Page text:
so… legislation that requires that the Lord Chancellor “must secure that legal aid is made available” doesn’t put him into conflict with the law if he fails to comply?

See, this is why I was a Civil Servant and not a barrister!

The only get out clause I can think of is that the Act isn’t published with an impact assessment, and the impact assessment isn’t connected specifically with the Act – the connection comes from the Explanatory Memorandum to the Statutory Instrument (The Costs in Criminal Cases (General)(Amendment) Regulations 2012) which says

10. Impact

10.1 The impact on business, charities or voluntary bodies was set out in the final Impact Assessment that was published with the Legal Aid, Sentencing and Punishment of Offenders Act 2012 which can be found at http://www.justice.gov.uk/downloads/legislation/bills-acts/legal-aid-sentencing/ia-central- funds.pdf

Maybe the MoJ have deluded themselves that publishing an impact assesssment at round about the same time as a piece of legislation covers them in case someone says “where’s the impact assessment” but doesn’t oblige them to take into account any of the rules around what an impact assessment is supposed to contain or how the legislative process is supposed to be governed?  I don’t know.  But if some stroppy legal aid lawyers would care to arrange a judicial review of the regulations I’d love to be in the public gallery.  With popcorn!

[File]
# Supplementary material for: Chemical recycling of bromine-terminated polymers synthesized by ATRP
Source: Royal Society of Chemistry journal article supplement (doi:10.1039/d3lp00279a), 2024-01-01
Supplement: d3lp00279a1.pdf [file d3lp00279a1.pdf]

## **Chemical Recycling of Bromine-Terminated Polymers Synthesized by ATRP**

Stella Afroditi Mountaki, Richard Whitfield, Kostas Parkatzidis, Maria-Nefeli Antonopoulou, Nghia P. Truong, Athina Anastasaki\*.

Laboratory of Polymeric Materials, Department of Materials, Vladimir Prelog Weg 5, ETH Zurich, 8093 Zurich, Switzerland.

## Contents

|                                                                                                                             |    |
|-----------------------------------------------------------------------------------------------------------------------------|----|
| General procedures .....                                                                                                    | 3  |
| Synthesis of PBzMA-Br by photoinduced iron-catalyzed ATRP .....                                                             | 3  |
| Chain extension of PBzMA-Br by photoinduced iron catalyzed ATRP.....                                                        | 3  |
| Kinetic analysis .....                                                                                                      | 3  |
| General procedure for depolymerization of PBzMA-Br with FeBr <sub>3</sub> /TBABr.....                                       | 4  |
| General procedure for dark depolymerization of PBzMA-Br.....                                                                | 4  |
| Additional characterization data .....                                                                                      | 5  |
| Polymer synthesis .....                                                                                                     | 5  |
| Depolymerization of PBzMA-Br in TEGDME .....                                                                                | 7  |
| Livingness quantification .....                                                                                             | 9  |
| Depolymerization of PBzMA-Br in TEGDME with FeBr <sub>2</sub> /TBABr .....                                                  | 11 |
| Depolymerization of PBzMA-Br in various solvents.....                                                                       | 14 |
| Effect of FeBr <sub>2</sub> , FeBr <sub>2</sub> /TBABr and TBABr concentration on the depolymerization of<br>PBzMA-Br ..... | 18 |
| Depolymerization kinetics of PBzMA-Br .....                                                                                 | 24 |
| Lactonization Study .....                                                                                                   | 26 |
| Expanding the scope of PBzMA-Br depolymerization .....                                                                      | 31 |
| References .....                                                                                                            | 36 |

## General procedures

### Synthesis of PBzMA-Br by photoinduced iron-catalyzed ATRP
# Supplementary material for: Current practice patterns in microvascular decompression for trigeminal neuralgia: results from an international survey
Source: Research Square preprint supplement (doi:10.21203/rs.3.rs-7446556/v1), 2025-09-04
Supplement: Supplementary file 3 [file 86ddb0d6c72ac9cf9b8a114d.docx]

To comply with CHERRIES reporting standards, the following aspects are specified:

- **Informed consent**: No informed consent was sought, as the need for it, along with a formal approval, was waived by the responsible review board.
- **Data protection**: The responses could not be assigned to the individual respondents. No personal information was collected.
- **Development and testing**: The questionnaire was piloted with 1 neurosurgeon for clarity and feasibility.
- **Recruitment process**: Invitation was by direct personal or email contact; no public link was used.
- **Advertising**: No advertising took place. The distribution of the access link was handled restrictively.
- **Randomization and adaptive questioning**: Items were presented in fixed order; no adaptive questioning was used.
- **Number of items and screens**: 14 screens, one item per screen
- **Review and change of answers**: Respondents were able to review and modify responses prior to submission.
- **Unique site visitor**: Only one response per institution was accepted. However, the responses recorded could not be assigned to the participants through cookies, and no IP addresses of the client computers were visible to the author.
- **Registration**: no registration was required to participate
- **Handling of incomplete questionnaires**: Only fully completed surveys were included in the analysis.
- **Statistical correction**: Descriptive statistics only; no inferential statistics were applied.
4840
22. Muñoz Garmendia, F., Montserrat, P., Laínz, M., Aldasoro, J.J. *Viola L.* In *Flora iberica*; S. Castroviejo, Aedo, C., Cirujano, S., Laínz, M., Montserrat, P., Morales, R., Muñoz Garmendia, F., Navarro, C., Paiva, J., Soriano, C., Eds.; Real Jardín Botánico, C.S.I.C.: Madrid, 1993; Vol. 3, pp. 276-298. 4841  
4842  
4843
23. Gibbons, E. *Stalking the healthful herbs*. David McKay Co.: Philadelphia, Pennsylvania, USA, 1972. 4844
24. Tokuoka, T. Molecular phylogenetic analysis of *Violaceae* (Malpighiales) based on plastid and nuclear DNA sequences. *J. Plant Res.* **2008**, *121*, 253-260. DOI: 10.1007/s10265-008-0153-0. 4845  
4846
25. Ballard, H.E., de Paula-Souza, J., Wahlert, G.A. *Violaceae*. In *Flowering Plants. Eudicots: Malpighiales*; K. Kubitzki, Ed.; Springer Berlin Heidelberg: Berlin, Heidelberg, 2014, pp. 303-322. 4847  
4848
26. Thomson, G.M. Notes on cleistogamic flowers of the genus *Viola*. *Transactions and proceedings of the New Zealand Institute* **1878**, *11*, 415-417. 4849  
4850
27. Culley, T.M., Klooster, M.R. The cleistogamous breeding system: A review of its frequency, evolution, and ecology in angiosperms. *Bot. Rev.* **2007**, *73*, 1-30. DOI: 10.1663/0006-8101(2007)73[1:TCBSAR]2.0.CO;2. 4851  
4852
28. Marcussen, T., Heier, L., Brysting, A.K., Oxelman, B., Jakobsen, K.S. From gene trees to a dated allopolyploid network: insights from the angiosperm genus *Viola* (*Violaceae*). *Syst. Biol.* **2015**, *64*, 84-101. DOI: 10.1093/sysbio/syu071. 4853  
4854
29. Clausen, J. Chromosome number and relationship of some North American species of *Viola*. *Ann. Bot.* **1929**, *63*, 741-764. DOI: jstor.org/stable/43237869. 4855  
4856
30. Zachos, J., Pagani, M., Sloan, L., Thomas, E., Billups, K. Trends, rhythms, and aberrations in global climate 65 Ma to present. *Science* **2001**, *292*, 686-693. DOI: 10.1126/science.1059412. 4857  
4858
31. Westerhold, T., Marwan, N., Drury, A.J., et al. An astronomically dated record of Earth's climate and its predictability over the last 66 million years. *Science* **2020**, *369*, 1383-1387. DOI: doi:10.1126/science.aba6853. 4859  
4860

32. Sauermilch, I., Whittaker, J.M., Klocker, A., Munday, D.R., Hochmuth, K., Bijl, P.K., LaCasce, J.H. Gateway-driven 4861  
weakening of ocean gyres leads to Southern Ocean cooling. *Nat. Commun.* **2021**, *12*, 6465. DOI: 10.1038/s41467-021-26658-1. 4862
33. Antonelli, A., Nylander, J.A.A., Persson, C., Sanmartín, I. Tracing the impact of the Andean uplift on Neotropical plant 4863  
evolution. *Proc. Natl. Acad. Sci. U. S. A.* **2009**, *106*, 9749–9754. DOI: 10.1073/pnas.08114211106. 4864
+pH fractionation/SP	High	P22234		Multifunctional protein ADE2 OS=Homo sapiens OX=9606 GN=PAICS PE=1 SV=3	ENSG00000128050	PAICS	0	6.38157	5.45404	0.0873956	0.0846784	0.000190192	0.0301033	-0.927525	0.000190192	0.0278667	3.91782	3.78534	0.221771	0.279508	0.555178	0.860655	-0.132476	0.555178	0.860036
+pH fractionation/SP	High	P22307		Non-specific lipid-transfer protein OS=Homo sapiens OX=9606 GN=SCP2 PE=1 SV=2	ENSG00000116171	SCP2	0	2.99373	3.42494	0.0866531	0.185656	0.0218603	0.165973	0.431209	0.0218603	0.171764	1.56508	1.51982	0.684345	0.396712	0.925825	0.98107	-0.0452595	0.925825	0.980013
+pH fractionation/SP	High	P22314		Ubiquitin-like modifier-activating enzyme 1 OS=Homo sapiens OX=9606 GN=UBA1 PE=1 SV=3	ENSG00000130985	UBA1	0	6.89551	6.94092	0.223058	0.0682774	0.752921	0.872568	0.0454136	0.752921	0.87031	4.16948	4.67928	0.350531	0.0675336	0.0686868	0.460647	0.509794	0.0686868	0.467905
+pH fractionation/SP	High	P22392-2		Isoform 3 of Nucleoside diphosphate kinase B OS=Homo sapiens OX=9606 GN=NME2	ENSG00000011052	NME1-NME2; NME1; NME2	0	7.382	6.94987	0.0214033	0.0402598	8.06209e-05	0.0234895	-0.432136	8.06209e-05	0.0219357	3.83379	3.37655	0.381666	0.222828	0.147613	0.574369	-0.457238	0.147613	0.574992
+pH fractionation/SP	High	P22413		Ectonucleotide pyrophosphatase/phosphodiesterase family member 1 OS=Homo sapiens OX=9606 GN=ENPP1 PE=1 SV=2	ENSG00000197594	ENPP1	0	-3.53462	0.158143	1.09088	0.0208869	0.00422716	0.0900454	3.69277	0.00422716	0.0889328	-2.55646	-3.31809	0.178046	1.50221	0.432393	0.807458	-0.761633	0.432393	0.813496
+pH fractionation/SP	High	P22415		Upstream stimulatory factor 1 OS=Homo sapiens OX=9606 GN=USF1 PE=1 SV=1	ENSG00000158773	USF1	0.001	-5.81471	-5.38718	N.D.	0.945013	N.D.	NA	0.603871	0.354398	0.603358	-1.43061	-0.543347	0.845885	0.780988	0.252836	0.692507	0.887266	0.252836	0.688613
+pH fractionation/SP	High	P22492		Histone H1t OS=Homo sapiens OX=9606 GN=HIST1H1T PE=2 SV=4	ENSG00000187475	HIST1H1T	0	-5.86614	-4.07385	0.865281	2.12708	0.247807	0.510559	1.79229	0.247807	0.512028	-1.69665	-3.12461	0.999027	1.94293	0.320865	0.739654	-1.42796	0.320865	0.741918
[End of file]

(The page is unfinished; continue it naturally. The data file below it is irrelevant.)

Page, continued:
Seriously, when the coalition took over with its brave new world of deregulation and cost cutting and asked serving civil servants for their suggestions I made a serious suggestion that they should abolish my job (at the time) and the jobs of all the people working in Better Regulation teams across Whitehall and simply let the legislative process take its course.  The requirement to publish an impact assessment and to conduct a small firms impact test, where appropriate, is enshrined in Statutory Instrument Practice, the bible of how to make regulations (well, it wasn’t in the actual SIP last time I had access to a copy, because it hadn’t been updated for… well, that’s a whole other story, but it was there in one of the supplements).

So MPs ought to know, when they debate a bill (or at least when they let a Statutory Instrument go by on the nod) that it should have an impact assessment and it should tell you what its impact will be on small firms in the EM.

Let them ask questions in Parliament if they aren’t happy with the quality of the legislation they’re getting put in front of them.  Because so far as I can see, all the mechanisms they’ve put in place to raise legislative quality have become mechanisms for explaining why – although it’s a jolly good idea, Minister – it doesn’t actually, you know, apply in this case…